Picture: Independent Media Archives – Dr Martin Luther King Jr delivers his ‘I Have a Dream’ speech on August 28, 1963 on the steps of the Lincoln Memorial, Washington DC, United States. The US celebrates Martin Luther King Day every January 15, the date of his birth, but unfortunately, the writer says, the country echoes his words, and does not honour them in doing what he has fought for, what he has taught.
By David Monyae
The United States celebrated the Martin Luther King Day on January 15. Martin Luther King Jr, assassinated in 1968, was the leader of the 1950s-1960s Civil Rights movement, which led a non-violent campaign to end racial discrimination against African Americans.
The campaign was prosecuted through peaceful but impactful marches and boycotts, the most famous of which include the Montgomery Bus Boycott in 1955 – which led to the Supreme Court declaring segregation in buses unconstitutional – and the 1963 Great March on Washington demanding freedom and jobs attended by more than 250,000 people. Upon signing the holiday into federal law in 1983, the former US President Ronald Reagan credited Dr King for making America “a more democratic nation, a more just nation, and a more peaceful nation”.
Among other things, Dr King called out police brutality, economic discrimination against black people, and the political disenfranchisement of minorities especially African Americans. Under his leadership, the Civil Rights Movement registered numerous breakthroughs, namely the passage of the Civil Rights Act of 1964, which banned segregation in public spaces and outlawed discrimination based on race, sex, religion, and national origin.
The Voting Rights Act was passed in 1965 after hard lobbying by the Civil Rights Movement. The Act, one of the most consequential in American history, removed race-based restrictions on voting such as literacy tests that aimed to disenfranchise the non-white electorate.
Dr King was also one of the most vehement critics of the US foreign policy, which he claimed was based on racism, militarism, and violence. An uncompromising believer in non-violence, Dr King denounced Washington’s Vietnam war describing it as an “unjust and evil war” which siphoned scarce resources from where they were needed the most.
At a church gathering to honour Dr King’s life, the US President remarked that “we gather to contemplate his moral vision and to commit ourselves to his path — to his path”. “The path that leads to the ‘Beloved Community’, to the sacred place and that sacred hour when justice rains down like waters and righteousness was a mighty stream.”
But the question still remains: has the US managed to live up to the values and ideals of Martin Luther King 60 years after his death? Unfortunately, the US only honours Dr King’s ideals in words and not in deeds. Racial inequality still persists in the American society. While average household income for Black and Hispanic families was US$46,000 and US$55,000, the income for White and Asian households stood at US$95,000 and US$75,000 respectively.
The wealth gap is even wider with black families boasting a median wealth of US$23,000 compared to US$183,000 for white families. Moreover, there are racial disparities in terms of access to healthcare with non-white groups likely to higher health risks such as obesity and chronic illness. During the Covid-19 pandemic, non-white populations such as Blacks, Hispanics and Native Americans were at least 1.7 times likely to succumb to the virus than their white counterparts who enjoyed superior healthcare.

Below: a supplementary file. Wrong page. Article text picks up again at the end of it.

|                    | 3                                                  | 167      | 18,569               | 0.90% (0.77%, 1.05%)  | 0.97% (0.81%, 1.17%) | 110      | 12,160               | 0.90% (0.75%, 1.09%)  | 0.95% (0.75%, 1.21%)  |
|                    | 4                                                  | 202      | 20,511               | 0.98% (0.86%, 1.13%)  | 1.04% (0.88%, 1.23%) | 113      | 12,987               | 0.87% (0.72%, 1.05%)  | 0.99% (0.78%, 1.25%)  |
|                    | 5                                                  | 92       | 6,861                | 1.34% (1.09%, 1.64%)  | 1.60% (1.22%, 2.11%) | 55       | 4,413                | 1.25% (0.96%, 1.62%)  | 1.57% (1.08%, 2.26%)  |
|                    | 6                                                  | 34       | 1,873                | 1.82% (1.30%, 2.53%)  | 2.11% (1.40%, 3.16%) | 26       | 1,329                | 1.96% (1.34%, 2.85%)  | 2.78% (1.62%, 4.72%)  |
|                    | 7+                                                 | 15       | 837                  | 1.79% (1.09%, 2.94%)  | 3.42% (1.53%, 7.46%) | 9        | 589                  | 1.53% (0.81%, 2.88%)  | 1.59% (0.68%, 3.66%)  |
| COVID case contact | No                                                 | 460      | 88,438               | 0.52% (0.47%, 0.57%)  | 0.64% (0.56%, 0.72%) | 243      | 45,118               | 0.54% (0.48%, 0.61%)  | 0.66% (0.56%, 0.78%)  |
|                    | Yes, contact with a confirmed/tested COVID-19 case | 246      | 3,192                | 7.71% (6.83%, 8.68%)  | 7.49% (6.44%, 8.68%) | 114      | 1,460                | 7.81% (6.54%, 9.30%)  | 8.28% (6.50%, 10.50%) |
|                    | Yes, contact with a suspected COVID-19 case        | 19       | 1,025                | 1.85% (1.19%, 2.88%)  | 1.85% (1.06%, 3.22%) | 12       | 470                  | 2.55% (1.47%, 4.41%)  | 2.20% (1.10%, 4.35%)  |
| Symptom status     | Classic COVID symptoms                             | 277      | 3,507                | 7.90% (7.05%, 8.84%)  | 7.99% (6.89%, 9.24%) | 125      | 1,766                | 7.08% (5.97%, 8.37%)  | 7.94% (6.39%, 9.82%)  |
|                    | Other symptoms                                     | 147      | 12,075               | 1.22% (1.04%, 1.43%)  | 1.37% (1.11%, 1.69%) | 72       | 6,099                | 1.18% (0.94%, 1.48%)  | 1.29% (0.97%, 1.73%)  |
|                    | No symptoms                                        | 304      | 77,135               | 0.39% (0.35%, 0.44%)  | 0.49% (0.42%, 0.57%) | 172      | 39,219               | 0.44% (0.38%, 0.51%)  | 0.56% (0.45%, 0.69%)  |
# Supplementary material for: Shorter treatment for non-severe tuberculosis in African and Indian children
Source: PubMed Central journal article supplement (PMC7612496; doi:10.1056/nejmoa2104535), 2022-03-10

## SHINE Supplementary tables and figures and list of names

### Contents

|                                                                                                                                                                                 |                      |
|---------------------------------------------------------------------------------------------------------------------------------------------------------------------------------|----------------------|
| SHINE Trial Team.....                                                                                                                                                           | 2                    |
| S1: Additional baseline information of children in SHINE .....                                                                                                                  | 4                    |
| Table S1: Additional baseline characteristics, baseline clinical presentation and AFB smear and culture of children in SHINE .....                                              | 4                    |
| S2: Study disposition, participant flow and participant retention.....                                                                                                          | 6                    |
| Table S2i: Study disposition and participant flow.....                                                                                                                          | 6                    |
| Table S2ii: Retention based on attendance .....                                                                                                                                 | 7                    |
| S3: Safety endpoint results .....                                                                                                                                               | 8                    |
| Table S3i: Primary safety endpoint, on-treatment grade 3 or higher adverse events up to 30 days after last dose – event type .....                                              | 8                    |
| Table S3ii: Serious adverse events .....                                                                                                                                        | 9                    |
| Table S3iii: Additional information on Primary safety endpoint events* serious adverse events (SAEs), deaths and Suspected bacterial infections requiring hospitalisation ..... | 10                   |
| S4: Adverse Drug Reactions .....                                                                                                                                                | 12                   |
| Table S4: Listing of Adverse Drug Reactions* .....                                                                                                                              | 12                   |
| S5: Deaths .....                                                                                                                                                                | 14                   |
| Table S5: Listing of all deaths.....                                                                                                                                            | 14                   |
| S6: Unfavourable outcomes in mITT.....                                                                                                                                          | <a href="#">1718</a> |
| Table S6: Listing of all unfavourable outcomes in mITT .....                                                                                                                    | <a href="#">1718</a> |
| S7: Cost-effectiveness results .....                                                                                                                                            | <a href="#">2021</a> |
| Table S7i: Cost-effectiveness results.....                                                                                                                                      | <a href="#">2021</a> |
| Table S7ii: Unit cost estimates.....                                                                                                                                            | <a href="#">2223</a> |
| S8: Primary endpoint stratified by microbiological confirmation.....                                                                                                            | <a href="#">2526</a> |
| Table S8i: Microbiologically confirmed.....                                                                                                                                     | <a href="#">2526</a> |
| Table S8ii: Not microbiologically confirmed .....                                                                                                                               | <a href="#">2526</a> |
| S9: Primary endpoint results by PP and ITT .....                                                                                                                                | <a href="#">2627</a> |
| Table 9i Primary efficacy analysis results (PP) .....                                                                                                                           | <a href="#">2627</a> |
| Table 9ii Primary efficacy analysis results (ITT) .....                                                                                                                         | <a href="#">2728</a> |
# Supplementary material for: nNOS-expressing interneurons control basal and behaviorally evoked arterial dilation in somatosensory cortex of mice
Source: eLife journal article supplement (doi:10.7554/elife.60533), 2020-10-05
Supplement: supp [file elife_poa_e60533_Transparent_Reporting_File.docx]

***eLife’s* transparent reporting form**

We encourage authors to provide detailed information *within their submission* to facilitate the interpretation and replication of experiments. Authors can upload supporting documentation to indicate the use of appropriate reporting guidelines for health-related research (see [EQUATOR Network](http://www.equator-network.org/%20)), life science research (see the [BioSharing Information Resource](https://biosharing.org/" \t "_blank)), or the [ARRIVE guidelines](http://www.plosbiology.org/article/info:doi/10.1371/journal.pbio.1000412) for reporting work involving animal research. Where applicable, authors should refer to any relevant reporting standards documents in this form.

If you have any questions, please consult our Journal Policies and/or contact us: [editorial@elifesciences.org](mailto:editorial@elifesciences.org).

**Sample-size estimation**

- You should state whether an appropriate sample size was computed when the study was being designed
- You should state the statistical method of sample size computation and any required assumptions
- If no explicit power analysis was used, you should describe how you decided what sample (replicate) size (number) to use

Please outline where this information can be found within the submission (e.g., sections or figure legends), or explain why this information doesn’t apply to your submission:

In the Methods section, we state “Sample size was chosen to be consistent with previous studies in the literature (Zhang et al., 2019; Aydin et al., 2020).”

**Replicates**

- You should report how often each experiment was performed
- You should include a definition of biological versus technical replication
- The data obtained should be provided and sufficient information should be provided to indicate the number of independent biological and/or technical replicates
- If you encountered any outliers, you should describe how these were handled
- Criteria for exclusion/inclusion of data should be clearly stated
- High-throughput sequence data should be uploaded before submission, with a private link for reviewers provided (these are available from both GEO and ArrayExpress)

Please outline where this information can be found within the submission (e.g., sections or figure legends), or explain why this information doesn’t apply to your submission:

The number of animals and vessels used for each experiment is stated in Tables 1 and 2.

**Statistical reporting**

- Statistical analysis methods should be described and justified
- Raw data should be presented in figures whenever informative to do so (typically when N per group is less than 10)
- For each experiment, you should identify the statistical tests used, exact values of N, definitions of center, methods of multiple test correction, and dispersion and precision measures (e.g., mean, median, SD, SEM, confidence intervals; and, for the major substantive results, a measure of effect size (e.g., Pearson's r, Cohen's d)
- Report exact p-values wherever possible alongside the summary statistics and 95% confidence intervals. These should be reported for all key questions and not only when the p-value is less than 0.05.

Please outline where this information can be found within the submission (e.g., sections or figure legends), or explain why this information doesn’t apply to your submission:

Police brutality, one of the central issues of Dr King’s campaigns is still a problem in the US. While black people in the US accounted for only 13 percent of the population, they made up 27 percent of the people illegally killed by the police in 2021 meaning that black people were twice as likely to be killed by the police than white people. As such, it seems the US still falls far short of Dr King’s ideals in the domestic front.
On the international front, the US has strayed even farther from what Dr King fought and stood for. As the country celebrates his legacy, the US is involved in two wars: the Russia-Ukraine war and the Israel-Palestine conflict. In both wars, the US has helped perpetuate conflict rather than find ways of stopping it and restoring peace. For example, Washington has been pumping billions of dollars’ worth of military aid to Ukraine and Israel to sustain their respective war efforts.
Not much effort has been made to end the conflicts peacefully. As a matter of fact, the US vetoed a United Nations Security Council resolution which demanded a ceasefire between Palestine and Israel whose fighting has killed over 24,000 people including an estimated 10,000 children in Gaza.
Just a few days before Dr King’s birthday on January 15, the US carried out devastating airstrikes in Yemen which it said were targeted at the Iran-backed Houthi rebels who were reportedly attacking ships destined for Israel in the Red Sea. Such a move by the US and the United Kingdom risks widening the conflict in the Middle East and making the restoration of peace even more unlikely.
Further, one could argue that the US and its Nato allies’ decision to invite Ukraine to join the military alliance despite Russia’s concerns for its own security contributed to the outbreak of the first major war in Europe in 77 years.
Martin Luther King would have loved the US to be a force for peace and security in the world. Instead, its policies have made the world less peaceful and stable. As the US celebrates Dr King’s legacy it is time for its leadership to realign its domestic and foreign policy choices with his ideals and values. With the amount of power at its disposal, using Dr King’s ideals as a moral compass when exercising it would make the world a much better place.
David Monyae is the Director for the Centre for Africa-China Studies at the University of Johannesburg